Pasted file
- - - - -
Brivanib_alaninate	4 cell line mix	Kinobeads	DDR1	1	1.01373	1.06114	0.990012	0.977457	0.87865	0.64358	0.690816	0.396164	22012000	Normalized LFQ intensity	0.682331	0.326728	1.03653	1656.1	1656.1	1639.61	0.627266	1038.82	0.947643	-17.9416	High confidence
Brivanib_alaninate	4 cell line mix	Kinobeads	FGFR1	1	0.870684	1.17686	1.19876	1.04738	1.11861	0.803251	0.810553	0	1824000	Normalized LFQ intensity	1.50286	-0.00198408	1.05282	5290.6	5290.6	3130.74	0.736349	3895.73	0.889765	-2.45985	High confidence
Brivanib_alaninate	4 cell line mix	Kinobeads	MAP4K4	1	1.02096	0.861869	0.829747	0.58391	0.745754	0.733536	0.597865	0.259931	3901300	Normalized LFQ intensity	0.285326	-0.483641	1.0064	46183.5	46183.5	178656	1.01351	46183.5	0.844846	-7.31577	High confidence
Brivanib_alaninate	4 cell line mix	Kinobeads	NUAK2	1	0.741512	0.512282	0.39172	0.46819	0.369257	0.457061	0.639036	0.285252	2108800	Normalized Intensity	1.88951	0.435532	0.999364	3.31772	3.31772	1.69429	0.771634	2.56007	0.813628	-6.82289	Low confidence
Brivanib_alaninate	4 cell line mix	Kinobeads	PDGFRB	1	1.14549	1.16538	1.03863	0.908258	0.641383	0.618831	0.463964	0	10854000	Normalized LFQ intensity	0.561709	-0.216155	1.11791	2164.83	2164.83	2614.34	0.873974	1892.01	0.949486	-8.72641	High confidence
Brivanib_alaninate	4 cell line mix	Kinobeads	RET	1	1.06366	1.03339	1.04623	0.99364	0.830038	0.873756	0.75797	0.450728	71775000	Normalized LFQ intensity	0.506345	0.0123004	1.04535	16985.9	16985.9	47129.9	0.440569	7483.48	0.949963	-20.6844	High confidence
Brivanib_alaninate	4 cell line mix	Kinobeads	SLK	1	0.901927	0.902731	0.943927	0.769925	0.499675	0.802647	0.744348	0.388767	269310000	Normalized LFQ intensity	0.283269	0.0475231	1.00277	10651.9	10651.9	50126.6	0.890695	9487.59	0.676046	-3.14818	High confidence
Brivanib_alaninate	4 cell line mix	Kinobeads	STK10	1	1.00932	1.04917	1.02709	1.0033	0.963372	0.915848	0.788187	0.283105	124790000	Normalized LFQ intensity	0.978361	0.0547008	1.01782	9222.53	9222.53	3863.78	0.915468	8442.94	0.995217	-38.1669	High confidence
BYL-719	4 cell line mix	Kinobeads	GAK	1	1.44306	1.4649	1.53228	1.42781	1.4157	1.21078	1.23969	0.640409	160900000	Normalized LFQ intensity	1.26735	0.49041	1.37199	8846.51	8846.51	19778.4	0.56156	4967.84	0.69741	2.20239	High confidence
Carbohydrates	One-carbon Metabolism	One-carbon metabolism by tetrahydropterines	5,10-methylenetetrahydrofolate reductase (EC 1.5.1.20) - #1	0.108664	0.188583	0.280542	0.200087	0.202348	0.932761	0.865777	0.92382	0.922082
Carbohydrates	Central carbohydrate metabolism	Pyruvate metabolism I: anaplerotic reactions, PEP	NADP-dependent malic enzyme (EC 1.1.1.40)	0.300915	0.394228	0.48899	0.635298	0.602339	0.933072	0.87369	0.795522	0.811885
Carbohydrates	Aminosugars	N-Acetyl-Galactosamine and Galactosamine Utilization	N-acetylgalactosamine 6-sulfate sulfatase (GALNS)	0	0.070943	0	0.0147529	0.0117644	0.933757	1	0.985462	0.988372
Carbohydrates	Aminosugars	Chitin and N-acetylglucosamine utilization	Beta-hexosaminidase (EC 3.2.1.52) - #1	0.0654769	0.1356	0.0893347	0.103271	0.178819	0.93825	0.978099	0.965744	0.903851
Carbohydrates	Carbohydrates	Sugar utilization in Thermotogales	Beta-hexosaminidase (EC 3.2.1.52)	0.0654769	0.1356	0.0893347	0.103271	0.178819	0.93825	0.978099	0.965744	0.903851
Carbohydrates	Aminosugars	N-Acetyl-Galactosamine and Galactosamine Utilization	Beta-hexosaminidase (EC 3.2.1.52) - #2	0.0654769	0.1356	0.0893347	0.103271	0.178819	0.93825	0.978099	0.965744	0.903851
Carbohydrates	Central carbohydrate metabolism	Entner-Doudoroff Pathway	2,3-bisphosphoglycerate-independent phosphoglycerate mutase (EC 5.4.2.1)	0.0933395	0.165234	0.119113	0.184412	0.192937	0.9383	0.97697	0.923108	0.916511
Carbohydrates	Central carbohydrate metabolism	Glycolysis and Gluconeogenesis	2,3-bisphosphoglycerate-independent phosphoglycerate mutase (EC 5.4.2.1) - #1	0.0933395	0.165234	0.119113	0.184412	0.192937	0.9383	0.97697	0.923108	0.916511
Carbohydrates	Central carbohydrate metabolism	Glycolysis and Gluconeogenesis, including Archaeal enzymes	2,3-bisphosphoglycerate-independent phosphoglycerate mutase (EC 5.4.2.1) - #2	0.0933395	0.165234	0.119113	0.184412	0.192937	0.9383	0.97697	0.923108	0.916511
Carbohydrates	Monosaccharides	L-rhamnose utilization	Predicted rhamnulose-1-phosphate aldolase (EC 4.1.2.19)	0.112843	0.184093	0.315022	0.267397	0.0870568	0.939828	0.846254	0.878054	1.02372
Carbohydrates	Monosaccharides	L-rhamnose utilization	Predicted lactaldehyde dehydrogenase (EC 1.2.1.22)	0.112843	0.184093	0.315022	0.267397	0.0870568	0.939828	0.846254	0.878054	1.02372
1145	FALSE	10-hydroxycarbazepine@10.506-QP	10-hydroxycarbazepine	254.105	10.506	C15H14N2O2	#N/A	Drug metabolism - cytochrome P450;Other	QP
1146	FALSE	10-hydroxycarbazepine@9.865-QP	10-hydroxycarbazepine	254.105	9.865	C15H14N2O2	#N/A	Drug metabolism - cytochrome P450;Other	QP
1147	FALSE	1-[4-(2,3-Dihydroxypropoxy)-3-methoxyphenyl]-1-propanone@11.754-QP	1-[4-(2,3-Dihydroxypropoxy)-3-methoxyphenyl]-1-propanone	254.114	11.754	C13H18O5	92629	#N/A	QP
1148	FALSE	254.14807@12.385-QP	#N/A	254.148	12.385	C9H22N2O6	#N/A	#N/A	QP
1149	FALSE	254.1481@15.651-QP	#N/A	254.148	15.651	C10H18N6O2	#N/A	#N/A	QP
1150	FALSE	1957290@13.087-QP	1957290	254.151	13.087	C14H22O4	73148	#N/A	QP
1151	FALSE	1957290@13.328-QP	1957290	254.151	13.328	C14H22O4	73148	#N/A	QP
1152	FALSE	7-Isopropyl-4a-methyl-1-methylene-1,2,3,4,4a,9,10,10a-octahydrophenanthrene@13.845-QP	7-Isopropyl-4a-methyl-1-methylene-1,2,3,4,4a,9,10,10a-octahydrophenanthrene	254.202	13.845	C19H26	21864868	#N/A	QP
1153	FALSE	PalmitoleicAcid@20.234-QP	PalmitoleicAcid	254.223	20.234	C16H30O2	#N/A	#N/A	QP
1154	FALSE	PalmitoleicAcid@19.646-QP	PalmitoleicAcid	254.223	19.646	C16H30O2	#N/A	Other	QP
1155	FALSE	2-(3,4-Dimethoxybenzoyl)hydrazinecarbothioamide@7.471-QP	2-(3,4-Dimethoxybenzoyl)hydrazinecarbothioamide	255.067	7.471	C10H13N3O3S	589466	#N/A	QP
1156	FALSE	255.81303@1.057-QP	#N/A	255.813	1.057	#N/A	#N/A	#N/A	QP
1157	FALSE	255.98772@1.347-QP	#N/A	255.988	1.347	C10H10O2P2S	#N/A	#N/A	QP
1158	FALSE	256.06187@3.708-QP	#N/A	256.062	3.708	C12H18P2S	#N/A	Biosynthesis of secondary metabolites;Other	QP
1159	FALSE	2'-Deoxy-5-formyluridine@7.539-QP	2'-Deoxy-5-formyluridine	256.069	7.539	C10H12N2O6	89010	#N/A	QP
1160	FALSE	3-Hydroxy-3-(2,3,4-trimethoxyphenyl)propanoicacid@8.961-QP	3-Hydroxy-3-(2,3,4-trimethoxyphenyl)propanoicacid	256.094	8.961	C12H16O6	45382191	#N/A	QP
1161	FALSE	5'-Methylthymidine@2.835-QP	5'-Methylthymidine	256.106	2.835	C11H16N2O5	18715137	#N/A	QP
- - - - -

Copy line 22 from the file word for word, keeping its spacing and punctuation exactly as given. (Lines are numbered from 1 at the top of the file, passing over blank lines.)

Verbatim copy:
1146	FALSE	10-hydroxycarbazepine@9.865-QP	10-hydroxycarbazepine	254.105	9.865	C15H14N2O2	#N/A	Drug metabolism - cytochrome P450;Other	QP